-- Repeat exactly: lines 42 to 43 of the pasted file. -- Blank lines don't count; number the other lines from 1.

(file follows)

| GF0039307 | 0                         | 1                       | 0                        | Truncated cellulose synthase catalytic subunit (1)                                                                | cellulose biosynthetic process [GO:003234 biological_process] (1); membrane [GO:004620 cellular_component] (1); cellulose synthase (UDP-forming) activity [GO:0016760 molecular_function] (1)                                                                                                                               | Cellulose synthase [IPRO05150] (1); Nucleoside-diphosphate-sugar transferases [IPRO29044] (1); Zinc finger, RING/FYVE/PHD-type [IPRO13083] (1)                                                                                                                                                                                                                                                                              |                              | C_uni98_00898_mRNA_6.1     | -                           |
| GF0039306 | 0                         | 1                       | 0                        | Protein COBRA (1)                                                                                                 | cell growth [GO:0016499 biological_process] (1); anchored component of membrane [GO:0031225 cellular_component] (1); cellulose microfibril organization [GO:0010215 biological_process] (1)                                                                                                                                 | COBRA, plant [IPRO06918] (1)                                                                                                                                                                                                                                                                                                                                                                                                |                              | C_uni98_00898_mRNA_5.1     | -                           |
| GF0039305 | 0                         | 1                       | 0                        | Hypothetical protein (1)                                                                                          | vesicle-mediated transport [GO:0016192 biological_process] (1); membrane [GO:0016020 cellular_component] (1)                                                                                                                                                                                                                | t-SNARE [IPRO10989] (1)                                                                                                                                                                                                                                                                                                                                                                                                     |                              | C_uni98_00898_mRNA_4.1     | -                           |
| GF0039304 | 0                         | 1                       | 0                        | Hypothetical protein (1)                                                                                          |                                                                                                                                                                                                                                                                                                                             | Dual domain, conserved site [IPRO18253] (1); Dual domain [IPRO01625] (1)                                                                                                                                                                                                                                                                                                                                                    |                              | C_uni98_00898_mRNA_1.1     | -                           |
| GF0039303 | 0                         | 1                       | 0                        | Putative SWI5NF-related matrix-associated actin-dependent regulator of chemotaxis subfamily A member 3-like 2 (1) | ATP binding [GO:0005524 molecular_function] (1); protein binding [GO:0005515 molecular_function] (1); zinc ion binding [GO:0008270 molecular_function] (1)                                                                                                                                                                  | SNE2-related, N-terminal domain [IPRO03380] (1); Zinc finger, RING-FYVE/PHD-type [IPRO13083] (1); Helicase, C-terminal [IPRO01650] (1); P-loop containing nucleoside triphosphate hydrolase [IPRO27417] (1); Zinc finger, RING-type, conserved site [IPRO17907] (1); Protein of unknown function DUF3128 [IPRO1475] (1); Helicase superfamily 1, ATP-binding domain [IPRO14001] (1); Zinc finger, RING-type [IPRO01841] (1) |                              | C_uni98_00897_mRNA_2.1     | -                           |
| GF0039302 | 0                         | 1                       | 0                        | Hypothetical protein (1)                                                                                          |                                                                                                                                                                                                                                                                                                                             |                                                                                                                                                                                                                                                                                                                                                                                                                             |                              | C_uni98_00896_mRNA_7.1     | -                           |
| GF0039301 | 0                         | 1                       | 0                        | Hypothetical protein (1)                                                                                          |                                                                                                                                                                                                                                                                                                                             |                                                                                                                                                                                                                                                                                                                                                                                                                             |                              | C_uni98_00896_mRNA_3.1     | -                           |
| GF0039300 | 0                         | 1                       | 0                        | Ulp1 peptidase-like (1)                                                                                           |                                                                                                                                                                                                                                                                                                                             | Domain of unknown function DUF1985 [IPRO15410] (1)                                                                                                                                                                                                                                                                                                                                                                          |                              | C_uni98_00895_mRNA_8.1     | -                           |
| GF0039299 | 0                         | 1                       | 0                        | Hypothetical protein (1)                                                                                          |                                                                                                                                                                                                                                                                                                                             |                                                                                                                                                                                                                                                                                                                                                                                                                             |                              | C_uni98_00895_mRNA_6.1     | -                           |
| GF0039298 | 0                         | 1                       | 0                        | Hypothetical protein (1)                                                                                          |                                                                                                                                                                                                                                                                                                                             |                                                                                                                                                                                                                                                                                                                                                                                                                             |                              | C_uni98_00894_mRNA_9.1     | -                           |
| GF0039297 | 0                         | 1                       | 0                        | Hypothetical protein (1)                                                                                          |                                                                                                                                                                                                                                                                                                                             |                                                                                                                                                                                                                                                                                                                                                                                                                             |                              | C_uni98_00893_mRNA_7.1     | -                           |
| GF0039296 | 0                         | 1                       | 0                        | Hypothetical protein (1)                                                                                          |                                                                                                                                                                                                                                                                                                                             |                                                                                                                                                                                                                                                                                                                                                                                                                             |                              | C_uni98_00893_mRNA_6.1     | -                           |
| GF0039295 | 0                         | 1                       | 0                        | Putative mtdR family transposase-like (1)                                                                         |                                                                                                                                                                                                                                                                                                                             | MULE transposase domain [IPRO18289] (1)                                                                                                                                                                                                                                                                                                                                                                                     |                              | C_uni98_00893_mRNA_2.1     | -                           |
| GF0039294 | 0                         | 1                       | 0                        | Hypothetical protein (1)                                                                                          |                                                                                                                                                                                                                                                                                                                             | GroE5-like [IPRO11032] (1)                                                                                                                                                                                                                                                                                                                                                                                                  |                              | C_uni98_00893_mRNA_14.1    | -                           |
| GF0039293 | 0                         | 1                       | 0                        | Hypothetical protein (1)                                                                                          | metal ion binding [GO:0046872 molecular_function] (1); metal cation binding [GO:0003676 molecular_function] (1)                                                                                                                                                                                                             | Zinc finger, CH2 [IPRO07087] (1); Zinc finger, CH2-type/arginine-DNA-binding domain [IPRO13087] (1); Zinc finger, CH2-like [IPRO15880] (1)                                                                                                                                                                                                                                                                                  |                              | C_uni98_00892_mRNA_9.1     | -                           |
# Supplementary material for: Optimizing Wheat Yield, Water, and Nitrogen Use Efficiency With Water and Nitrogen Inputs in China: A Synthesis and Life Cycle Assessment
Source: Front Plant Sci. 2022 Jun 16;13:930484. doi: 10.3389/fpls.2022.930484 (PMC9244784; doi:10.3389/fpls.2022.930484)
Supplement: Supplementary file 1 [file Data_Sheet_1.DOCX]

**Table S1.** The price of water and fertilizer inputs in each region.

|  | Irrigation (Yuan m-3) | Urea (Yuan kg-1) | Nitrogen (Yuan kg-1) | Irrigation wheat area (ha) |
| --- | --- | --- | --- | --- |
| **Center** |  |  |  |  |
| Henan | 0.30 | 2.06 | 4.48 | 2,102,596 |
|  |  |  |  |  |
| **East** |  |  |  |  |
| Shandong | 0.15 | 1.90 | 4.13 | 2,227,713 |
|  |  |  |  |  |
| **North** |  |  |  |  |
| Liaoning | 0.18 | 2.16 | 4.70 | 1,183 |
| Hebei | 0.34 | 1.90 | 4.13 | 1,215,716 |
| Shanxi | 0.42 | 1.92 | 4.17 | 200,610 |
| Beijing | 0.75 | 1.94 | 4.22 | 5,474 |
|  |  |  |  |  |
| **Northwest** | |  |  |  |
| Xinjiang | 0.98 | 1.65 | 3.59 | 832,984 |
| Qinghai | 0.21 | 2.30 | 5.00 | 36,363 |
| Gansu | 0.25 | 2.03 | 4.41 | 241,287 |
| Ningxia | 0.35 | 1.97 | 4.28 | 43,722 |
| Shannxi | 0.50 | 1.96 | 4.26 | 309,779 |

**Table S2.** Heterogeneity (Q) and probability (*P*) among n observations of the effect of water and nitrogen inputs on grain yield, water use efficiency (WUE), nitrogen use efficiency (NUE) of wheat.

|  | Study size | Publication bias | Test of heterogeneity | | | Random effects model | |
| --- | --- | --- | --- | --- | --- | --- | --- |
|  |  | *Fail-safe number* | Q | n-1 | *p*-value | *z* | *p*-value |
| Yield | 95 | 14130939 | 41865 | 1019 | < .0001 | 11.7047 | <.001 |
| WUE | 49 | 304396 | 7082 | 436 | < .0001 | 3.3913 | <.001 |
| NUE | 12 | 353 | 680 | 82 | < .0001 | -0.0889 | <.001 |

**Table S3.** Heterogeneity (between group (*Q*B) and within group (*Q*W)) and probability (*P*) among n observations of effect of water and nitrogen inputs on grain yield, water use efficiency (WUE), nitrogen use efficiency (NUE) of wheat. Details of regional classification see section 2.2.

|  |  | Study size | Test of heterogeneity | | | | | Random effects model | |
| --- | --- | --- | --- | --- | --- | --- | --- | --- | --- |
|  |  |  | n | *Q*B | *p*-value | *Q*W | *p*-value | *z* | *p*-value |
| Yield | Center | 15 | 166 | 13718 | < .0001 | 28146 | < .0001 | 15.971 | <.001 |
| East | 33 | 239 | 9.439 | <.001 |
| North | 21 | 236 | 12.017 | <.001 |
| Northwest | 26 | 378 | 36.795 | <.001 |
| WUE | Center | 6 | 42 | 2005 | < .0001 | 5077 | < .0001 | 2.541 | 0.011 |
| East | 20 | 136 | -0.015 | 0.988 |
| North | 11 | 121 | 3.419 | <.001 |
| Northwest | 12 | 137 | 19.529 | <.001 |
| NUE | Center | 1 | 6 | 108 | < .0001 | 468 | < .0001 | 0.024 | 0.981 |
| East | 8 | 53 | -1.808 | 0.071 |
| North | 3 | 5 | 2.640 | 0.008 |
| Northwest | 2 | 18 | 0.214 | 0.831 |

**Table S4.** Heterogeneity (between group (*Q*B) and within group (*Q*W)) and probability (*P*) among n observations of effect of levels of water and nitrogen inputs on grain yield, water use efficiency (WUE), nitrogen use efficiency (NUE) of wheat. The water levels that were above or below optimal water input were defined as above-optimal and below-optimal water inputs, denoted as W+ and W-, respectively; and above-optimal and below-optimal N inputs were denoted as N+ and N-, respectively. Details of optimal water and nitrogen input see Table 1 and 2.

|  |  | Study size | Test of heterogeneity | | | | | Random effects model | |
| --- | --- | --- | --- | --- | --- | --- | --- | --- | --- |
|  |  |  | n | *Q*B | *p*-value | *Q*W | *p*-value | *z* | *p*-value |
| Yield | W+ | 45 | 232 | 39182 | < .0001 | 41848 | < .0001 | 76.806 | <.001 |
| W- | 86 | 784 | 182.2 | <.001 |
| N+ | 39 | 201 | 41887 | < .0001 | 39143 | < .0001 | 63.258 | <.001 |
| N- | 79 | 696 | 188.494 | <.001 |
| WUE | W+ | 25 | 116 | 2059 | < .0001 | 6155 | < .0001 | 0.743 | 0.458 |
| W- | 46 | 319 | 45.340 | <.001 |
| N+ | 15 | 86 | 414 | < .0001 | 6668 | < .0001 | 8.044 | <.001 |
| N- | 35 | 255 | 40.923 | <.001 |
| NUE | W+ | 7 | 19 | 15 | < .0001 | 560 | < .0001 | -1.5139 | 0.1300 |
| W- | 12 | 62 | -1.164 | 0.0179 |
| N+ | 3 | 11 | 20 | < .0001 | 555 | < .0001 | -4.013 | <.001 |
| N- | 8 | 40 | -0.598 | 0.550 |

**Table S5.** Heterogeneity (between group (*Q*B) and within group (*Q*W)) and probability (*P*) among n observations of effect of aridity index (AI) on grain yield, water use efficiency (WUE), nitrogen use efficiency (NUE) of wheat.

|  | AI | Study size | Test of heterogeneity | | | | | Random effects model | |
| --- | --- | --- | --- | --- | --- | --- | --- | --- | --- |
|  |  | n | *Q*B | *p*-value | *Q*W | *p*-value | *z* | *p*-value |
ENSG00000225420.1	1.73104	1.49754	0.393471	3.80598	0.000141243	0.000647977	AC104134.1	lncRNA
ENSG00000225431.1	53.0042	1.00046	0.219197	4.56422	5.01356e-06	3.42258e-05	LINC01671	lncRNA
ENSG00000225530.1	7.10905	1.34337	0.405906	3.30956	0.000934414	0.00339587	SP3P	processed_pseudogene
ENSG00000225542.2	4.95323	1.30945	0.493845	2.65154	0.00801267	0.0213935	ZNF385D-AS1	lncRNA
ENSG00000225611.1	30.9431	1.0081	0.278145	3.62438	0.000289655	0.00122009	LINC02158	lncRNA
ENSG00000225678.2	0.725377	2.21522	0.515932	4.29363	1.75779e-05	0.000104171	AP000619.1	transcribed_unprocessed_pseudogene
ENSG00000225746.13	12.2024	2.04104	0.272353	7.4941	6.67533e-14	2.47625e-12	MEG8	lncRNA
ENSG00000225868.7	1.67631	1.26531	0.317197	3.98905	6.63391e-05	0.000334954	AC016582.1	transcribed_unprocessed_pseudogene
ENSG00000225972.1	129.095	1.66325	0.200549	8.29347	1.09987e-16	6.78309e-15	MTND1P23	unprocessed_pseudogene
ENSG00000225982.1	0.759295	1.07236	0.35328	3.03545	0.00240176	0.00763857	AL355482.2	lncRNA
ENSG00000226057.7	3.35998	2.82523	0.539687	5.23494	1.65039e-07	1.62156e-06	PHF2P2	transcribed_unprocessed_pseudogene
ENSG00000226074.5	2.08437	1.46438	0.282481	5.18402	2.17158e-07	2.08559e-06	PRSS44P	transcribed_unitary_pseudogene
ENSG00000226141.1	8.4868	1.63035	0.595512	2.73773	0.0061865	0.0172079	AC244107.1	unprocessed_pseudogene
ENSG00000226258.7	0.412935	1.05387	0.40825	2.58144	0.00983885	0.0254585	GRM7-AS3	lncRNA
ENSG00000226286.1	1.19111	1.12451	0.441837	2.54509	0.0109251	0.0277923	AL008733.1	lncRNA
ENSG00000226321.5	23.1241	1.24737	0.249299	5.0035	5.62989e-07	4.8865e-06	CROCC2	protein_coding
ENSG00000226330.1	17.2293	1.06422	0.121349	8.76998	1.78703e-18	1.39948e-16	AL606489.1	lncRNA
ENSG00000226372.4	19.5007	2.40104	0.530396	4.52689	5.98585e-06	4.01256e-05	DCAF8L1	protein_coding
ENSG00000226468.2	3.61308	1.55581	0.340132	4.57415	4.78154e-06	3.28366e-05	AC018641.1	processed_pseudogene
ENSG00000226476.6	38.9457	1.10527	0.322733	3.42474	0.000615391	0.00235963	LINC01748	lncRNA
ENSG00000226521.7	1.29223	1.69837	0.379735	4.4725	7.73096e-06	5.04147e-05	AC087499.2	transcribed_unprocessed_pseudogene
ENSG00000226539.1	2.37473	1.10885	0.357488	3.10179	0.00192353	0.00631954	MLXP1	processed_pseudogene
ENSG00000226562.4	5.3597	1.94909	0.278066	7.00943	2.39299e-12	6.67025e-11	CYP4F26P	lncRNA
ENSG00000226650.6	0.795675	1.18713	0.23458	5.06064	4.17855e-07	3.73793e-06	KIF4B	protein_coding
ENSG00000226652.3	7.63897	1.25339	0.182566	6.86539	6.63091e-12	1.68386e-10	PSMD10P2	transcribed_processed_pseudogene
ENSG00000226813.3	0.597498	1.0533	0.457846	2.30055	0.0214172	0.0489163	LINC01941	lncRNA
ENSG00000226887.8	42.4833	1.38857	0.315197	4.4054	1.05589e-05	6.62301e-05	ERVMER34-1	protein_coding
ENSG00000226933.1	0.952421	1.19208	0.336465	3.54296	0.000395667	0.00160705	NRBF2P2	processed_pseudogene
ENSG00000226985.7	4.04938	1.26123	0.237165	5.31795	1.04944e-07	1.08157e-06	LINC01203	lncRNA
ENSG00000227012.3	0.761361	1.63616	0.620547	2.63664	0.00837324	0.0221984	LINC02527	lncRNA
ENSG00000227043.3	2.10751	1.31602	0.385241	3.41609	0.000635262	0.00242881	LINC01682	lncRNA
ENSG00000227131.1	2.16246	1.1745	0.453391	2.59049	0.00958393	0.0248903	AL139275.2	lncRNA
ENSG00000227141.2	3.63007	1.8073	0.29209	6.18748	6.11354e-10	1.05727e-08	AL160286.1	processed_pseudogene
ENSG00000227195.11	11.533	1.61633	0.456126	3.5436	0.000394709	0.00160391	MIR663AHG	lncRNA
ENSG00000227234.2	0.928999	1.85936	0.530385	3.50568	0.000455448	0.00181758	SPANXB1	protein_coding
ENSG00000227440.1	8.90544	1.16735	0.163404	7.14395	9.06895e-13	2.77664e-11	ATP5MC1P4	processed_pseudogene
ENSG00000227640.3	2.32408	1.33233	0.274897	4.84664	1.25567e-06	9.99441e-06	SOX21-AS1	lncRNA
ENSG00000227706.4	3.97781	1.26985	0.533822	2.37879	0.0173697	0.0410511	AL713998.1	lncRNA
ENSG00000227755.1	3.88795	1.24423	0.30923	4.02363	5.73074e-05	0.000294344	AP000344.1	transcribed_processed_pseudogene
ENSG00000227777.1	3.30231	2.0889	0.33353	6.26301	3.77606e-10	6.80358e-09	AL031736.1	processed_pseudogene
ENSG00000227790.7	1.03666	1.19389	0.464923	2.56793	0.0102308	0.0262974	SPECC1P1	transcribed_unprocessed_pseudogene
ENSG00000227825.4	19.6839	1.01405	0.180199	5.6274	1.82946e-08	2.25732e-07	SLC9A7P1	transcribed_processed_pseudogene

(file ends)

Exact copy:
| --- | --- | --- | --- | --- | --- | --- | --- |
|  |  | *Fail-safe number* | Q | n-1 | *p*-value | *z* | *p*-value |